TOKONAME, Aichi -- A "see-through" toilet cubicle using one-way mirrors, designed to make people think about sanitary conditions in developing countries where people sometimes have to relieve themselves outdoors, recently was put on show at a museum here.
The cubicle display, planned by Japanese housing equipment manufacturer LIXIL Corp. ahead of World Toilet Day on Nov. 19, was set up outdoors at INAX Live Museum in the central Japan city of Tokoname.
In developing countries, many people have to relieve themselves outdoors, and poor sanitary conditions have claimed many young lives. The idea behind the project was to shed light on this issue, bringing it closer to home.
The toilet, for display purposes only, uses one-way mirrors, so people can't see inside the cubicle, but the user sitting on the toilet can see out. After sitting down, one feels like they are exposed to the piercing stares of other people, making it an awkward experience, even when not actually doing one's business.
Yume Ito, 8, a second-year elementary school student visiting the museum, commented, "It was really embarrassing (to think about actually using it). I felt sorry that there are children who have to go in places like this," she said.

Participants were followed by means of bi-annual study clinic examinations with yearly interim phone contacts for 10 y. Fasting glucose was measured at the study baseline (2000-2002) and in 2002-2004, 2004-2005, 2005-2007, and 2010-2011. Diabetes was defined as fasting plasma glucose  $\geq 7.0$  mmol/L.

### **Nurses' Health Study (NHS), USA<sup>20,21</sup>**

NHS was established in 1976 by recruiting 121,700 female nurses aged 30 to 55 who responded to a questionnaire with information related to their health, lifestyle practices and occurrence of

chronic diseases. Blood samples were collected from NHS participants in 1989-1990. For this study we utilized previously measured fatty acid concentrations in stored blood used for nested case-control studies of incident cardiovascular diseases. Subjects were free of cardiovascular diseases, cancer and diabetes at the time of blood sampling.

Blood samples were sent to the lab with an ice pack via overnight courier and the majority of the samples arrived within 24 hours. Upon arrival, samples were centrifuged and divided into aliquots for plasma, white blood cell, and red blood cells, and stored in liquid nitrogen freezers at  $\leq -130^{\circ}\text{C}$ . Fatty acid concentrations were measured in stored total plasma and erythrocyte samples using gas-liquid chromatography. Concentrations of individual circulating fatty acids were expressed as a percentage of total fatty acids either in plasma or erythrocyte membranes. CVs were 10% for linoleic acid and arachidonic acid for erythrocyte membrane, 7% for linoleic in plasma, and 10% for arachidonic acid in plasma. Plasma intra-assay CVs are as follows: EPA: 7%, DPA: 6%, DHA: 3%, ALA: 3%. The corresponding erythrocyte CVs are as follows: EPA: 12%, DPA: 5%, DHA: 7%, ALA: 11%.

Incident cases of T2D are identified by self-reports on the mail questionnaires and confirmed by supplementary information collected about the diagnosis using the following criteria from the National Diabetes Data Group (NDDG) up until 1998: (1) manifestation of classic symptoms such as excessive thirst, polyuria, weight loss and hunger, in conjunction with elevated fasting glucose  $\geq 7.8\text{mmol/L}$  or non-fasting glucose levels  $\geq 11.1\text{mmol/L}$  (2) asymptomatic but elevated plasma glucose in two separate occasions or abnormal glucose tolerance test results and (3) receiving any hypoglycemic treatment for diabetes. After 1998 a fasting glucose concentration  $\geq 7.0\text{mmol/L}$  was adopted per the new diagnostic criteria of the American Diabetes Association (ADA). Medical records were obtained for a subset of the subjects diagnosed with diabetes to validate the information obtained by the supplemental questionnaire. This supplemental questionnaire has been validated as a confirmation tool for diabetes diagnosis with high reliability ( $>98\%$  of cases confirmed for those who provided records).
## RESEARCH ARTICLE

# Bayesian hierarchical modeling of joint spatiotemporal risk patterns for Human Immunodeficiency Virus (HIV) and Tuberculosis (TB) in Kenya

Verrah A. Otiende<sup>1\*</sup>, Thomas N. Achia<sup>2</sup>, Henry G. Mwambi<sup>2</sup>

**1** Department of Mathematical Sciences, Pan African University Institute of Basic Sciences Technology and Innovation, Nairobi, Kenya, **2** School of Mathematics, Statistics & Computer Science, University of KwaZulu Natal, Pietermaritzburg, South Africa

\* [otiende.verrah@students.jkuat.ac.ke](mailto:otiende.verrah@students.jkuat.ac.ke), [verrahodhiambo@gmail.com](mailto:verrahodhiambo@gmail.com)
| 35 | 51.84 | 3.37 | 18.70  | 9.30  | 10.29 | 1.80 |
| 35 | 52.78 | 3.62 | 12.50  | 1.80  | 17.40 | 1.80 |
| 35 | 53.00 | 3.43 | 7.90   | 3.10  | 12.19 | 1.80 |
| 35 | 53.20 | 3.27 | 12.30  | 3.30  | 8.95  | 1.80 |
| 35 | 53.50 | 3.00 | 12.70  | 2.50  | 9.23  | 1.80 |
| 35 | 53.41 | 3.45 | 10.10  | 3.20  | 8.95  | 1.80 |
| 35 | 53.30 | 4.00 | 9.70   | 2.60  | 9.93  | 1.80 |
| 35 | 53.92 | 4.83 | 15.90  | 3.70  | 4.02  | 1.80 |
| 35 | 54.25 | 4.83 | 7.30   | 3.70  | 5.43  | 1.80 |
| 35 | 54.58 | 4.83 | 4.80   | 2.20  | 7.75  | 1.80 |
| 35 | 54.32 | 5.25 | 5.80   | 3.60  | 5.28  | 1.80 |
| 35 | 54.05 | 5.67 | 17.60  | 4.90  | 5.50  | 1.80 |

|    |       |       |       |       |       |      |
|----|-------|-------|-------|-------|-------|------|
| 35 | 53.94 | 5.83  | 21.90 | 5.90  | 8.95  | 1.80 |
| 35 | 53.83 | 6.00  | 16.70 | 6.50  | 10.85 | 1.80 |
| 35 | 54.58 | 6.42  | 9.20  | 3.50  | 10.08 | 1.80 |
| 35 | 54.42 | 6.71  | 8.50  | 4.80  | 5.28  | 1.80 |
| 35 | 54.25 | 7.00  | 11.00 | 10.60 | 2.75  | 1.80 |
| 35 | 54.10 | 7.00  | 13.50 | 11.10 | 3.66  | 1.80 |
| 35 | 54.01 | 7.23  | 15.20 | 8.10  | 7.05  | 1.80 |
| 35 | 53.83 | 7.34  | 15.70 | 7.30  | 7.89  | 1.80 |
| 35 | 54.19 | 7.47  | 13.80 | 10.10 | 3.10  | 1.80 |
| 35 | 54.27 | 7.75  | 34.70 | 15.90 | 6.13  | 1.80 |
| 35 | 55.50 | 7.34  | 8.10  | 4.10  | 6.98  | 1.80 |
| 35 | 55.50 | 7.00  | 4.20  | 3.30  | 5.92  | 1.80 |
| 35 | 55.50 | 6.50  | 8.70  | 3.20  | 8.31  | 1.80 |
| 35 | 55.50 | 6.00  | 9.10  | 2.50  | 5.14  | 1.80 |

According to LIXIL Corp. and other sources, some 673 million people across the world still relieve themselves at the sides of roads or in grassed areas and other such locations, either due to custom or because they have no other option. Disease-producing bacteria in excrement can spread via insects and people's hands and enter the body, which can cause children with weak immune systems to come down with cholera or diarrheal illnesses. It is said that 800 children die each day because of this. For young girls approaching puberty, the problem is particularly serious, as the lack of a toilet sometimes is a reason they don't attend school.
A LIXIL representative expressed hope that the museum toilet, which was set up for a limited time between Nov. 15 and 19, would raise awareness about the issue.
"When you go inside, people most likely feel scared, or embarrassed, or unsettled. We want people to understand that there are still environments like this in the world," the representative said.
(Japanese original by Yuko Machida, Nagoya News Center)